The tale of Rapunzel, initially written by Friedrich Schulz in 1790 is a German fairy tale that was later published in 1812 by the Grimm Brothers. The Rapunzel fairy tale was included in a collection called “Children’s and Household Tales” (Brothers Grim, 1812). More recently, in 2010 Byron Howard, Nathan Greno, and Roy Conli created the movie “Tangled” which is based on the Grimm Brothers version of Rapunzel. The tale’s societal context is one of the powerful and powerless and has had a primary audience of adolescent girls for some years.
The story of Rapunzel by the Grimm Brothers (1812) begins with a typical opening, “There were once a man and a woman who had long in vain wished for a child.” One day the woman gazed into the garden and began to long for the beautiful greenery called Rapunzel. So, she sent her husband to the forbidden garden, and as he climbed over the wall, conflict emerged. The man found the angry enchantress standing before him. The man explained himself and the enchantress allowed the man to take as much of the greenery as he wished. However, execution of deception ascended when the enchantress wanted something in return; the couple’s child. In fear for his life, the man agreed and therefore, the enchantress cared for the child as her own, naming her Rapunzel.
Rapunzel grew into a beautiful child; however, at the age of twelve, the enchantress locked her in a tower with no staircase or door, only a window at the top of the tower. So, the enchantress would call “Rapunzel, Rapunzel, let down your hair!” Rapunzel would then let down the braids of her hair, and the enchantress would climb to her.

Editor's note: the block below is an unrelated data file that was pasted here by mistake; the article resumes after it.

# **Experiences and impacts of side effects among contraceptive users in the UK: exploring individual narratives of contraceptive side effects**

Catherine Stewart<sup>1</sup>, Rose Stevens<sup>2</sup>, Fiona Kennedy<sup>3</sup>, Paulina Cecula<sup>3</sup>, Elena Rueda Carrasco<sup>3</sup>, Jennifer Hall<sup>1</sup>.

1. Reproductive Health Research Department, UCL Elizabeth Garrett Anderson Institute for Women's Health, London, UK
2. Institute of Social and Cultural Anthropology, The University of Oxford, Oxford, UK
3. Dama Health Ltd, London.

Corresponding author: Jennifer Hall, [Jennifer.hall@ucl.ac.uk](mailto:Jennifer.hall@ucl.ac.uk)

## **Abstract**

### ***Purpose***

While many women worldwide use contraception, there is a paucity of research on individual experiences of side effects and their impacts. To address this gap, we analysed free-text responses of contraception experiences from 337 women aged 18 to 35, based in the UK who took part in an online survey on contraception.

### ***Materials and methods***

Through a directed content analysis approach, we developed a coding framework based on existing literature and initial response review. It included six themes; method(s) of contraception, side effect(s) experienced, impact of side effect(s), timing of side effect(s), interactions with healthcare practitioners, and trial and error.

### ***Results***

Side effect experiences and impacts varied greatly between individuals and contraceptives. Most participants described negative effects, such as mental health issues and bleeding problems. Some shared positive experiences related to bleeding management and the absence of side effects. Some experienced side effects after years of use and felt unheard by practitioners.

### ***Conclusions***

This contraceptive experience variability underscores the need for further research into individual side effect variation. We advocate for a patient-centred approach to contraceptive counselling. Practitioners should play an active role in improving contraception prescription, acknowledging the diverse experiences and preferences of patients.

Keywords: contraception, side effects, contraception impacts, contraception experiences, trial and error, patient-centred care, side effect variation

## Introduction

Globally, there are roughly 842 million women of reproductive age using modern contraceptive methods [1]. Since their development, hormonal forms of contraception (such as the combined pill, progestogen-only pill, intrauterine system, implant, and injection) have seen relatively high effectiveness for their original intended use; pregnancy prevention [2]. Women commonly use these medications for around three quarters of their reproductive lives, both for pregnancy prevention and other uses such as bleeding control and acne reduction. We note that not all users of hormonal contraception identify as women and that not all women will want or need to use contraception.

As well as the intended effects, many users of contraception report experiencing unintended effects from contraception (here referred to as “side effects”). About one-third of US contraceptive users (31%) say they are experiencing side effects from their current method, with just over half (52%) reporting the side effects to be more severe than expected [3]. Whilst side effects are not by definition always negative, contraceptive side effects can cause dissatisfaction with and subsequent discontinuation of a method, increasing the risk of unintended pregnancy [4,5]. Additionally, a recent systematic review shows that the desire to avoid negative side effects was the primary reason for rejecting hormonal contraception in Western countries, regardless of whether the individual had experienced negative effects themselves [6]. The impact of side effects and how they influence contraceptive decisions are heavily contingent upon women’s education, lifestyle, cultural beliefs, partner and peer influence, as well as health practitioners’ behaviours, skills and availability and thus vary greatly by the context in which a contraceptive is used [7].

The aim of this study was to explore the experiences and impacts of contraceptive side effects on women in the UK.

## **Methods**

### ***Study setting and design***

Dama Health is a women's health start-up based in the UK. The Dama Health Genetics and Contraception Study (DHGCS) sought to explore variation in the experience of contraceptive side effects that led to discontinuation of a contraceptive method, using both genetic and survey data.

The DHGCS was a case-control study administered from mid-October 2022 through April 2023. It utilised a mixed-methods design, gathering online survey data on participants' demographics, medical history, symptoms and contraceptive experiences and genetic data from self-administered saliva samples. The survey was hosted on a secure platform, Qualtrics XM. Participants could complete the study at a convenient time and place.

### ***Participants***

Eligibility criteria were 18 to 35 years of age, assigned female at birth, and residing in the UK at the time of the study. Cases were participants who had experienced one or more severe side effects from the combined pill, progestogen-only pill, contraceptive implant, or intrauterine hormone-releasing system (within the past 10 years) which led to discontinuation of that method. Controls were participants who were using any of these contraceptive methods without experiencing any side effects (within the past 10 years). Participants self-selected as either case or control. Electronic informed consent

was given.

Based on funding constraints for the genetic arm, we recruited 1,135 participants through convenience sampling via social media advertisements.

After being locked in the tower for a year or two, the king’s son happened to ride by on his horse and witnessed the enchantress calling to Rapunzel. Rapunzel let down her braid, and the enchantress climbed up.
The next day the prince went to the tower and cried, Rapunzel, Rapunzel, let down your hair!” and so he climbed to the top of the tower. After the initial fear, the prince then asked Rapunzel to marry him, and she agreed, however, she did not know how to leave the tower. Therefore, Rapunzel and the prince would have wait to marry.
Some time had passed, and the enchantress became wise of the schemes. In the enchantress’s anger, she clutched Rapunzel’s hair and cut; then she cast Rapunzel into the desert where she would live in misery.
When the prince became aware of this, he was beside himself. In his despair, he jumped from the tower but escaped with his life, but the thorns he fell in left him blind. With the prince’s final act of deception, he wondered the forest for years, weeping over the loss of his wife.
Finally, he found himself in the desert where Rapunzel had given birth to twins, a boy, and a girl. When the couple reins united, Rapunzel wept, and her tears wetted his eyes, and the prince could see again. From there, a formulaic closure of marriage and prosperity befalls; the prince leads her and their children to his kingdom where they lived happily ever after.